The Constant Fear

I have a bunch of fears. Some of these you may find silly, but others maybe not so.

  1. I’m petrified of heights.
  2. I’m terrified of dying via an illness or a bite which makes me a bit of a hypochondriac.
  3. I’m scared of silence.
  4. I’m scared of losing the people I love.
  5. I’m terrified of the current president-elect situation
  6. Bees. That is all.
  7. I have this stupid fear that spiders seek revenge.
  8. I’m scared of my mental health dive bombing.

I face a lot of these fears everyday. The one, however, that has been on my mind the most has been #8.

I’ve been on a nice road to recovery ever since the year of living hell that was 2016. I feel genuine happiness much more often now, I haven’t had a panic attack since early December, and I haven’t felt suicidal.

Yet in these few weeks before classes begin again, I feel my depression coming back. I didn’t go to a Group Therapy meeting because I couldn’t get out of bed. Portland is currently covered in snow and I’ve only been outside once to enjoy the snowy wonderland. I have had to take drowsy medication to make myself sleep at night and my nightmares have returned. Last night, I lay awake until 3:00 in the morning, terrified that this height was going to crash again and 2017 would be exactly like 2016.

I hadn’t gotten a chance to see my therapist because of the foot of snow that is covering our driveway and street combined with my lack of chains for my tires, so we decided to call each other and have a shorter therapy session that way. Thank goodness I did.

I told her my fear of crashing back into depression again after I told her all the awesome things that have happened to me this year. She said this to me,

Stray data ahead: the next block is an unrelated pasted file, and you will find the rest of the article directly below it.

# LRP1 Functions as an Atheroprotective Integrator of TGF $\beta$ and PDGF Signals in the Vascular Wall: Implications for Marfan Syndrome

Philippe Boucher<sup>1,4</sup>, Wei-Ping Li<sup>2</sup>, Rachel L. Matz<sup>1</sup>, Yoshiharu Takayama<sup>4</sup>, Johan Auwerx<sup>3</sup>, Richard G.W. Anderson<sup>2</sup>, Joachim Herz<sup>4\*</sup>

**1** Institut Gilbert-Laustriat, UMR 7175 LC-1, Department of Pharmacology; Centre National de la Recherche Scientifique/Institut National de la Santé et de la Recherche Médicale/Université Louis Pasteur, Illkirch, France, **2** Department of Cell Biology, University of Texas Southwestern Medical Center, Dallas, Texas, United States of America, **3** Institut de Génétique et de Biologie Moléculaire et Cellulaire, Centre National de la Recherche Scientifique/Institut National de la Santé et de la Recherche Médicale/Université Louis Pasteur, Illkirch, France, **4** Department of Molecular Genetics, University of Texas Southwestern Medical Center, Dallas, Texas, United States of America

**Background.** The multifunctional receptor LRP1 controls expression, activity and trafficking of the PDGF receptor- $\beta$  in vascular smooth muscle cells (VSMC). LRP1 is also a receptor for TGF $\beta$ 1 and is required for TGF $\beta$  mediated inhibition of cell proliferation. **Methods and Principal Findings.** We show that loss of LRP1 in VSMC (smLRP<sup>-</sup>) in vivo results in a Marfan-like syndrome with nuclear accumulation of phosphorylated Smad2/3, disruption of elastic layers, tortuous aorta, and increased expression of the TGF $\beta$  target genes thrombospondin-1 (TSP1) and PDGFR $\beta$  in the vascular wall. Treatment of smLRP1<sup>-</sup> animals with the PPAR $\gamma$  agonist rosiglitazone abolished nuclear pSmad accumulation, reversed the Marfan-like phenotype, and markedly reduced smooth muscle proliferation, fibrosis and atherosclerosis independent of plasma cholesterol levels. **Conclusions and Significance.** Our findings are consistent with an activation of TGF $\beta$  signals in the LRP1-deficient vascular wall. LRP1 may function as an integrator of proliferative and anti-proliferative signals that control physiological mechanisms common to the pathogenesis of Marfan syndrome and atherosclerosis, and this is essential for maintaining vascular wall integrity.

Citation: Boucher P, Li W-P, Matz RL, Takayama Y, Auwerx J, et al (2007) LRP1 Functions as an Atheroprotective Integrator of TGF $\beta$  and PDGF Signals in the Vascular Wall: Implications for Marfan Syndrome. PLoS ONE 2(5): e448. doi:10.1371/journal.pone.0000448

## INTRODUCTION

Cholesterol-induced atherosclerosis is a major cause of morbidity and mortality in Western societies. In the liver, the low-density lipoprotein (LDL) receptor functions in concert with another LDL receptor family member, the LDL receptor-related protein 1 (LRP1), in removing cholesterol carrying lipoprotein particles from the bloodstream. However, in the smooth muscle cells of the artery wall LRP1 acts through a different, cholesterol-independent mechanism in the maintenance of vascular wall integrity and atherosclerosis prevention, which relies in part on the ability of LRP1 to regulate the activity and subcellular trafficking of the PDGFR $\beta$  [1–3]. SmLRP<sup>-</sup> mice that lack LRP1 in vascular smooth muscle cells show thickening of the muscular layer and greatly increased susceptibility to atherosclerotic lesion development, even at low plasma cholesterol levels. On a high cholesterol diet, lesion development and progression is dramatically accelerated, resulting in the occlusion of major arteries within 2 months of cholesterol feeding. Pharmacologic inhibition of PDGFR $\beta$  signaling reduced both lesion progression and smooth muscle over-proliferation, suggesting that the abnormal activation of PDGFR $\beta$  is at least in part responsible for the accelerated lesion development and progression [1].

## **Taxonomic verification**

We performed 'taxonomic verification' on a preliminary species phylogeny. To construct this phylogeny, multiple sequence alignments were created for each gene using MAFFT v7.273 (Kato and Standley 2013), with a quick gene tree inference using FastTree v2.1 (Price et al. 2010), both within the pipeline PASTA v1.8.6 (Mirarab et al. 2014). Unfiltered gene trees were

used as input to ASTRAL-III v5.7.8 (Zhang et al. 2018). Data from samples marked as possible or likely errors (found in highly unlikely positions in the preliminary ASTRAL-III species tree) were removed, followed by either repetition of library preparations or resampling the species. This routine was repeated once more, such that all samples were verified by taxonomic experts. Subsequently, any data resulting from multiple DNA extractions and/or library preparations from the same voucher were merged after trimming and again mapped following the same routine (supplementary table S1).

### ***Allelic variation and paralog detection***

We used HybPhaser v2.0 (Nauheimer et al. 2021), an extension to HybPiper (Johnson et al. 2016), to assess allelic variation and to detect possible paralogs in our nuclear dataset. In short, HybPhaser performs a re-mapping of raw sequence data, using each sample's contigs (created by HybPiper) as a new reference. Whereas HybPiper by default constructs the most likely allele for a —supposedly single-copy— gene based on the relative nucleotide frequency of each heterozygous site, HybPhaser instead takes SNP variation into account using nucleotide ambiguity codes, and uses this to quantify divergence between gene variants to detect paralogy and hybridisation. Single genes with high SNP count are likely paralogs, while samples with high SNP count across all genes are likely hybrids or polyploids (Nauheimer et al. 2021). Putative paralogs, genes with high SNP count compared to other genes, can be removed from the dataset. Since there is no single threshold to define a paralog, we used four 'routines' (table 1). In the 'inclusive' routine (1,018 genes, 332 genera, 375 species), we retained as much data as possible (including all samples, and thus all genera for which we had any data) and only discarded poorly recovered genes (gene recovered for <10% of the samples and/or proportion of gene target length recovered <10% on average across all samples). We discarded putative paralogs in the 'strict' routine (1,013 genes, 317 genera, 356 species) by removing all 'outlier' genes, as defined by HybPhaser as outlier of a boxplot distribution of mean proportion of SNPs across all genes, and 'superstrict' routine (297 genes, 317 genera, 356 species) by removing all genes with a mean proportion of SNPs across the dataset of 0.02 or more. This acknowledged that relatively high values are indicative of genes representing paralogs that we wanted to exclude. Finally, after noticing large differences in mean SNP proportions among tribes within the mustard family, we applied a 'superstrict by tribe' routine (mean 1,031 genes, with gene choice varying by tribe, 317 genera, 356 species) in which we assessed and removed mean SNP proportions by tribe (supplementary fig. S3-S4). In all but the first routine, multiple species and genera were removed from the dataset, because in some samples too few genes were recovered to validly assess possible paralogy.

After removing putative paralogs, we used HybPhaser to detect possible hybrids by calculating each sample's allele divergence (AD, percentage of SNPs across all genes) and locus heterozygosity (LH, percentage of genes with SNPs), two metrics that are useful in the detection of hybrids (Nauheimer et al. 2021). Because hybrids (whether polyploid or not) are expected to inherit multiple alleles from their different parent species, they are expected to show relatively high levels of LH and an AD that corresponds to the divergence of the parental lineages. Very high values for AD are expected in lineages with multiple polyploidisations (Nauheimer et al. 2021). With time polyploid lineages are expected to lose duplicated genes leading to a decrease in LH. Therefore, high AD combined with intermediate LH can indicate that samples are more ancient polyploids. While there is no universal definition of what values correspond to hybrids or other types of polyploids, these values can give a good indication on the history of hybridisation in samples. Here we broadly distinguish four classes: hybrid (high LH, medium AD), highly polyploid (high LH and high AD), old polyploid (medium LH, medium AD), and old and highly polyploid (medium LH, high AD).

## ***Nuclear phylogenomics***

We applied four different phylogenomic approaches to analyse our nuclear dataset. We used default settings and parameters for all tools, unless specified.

“You have depression, Zoey. This may just happen from time to time.”

I at first related it to that awful therapist who told me around this time last year I would have panic attacks for the rest of my life.

“Oh god no. I’m going to have depression for the rest of my life too”, I thought.

“But”, she continued, “you don’t feel suicidal right?”

“No.”

“Good! You’ve been cooped up in your house probably right?

“Yep.”

“Alright that sure doesn’t help. But this is a mental illness you have, Zoey. I know that the idea of crashing is really scary, but you have so many more tools that can keep you from collapsing again.”

She’s right, damn it.

I am terrified of becoming that depressed again. I’m scared of not being able to find joy in things I love again, of crying every day, of being unmotivated and glued to my bed.

Yet I realized that when I noticed how depressed I was feeling and the thoughts I was having, I was already using techniques that I had learned from her. I used mindfulness to recognize the depressed thoughts, label them, and put them in storage boxes to be sent away. I practiced deep breathing. I put on my meditation playlist on YouTube. I took action as soon as I recognized the thoughts happening, which I had never done before.

The bad news is that she may be right about having depressive episodes for a long time and this hasn’t exactly stopped my fear of going back to where I was. I have really serious depression and I am foolish to think that I can snap out of such a scarring mental illness so quickly. I also am terrified of bad things happening seeing as how I have a lot of evidence that shows my trend of my mental illness going to shit.

The good news is I feel much more confident about handling it. Sure, I need some days to lie in bed and feel like shit. Yet, those days when I’m lying in bed and feeling like shit I’m not letting those thoughts bring me further down. Instead, they are staying right where they are. In the morning, they feel a little lighter. It doesn’t sound like much, but for right now, it’s enough.

Have a day filled with kittens, Okay?

Zoey K.

One comment

  1. zannah42 · January 19

    It’s so great that you’re able to recognize those feelings and you’re applying things you’ve learned. This therapist sounds like a keeper.

    Also, the movie Arachnophobia is where I learned that spiders seek revenge. I saw it once when I was 11 or 12, and it changed my life in the worst ways. I check shower heads, shoes, helmets – those sneaky bastards are out there.

    Like

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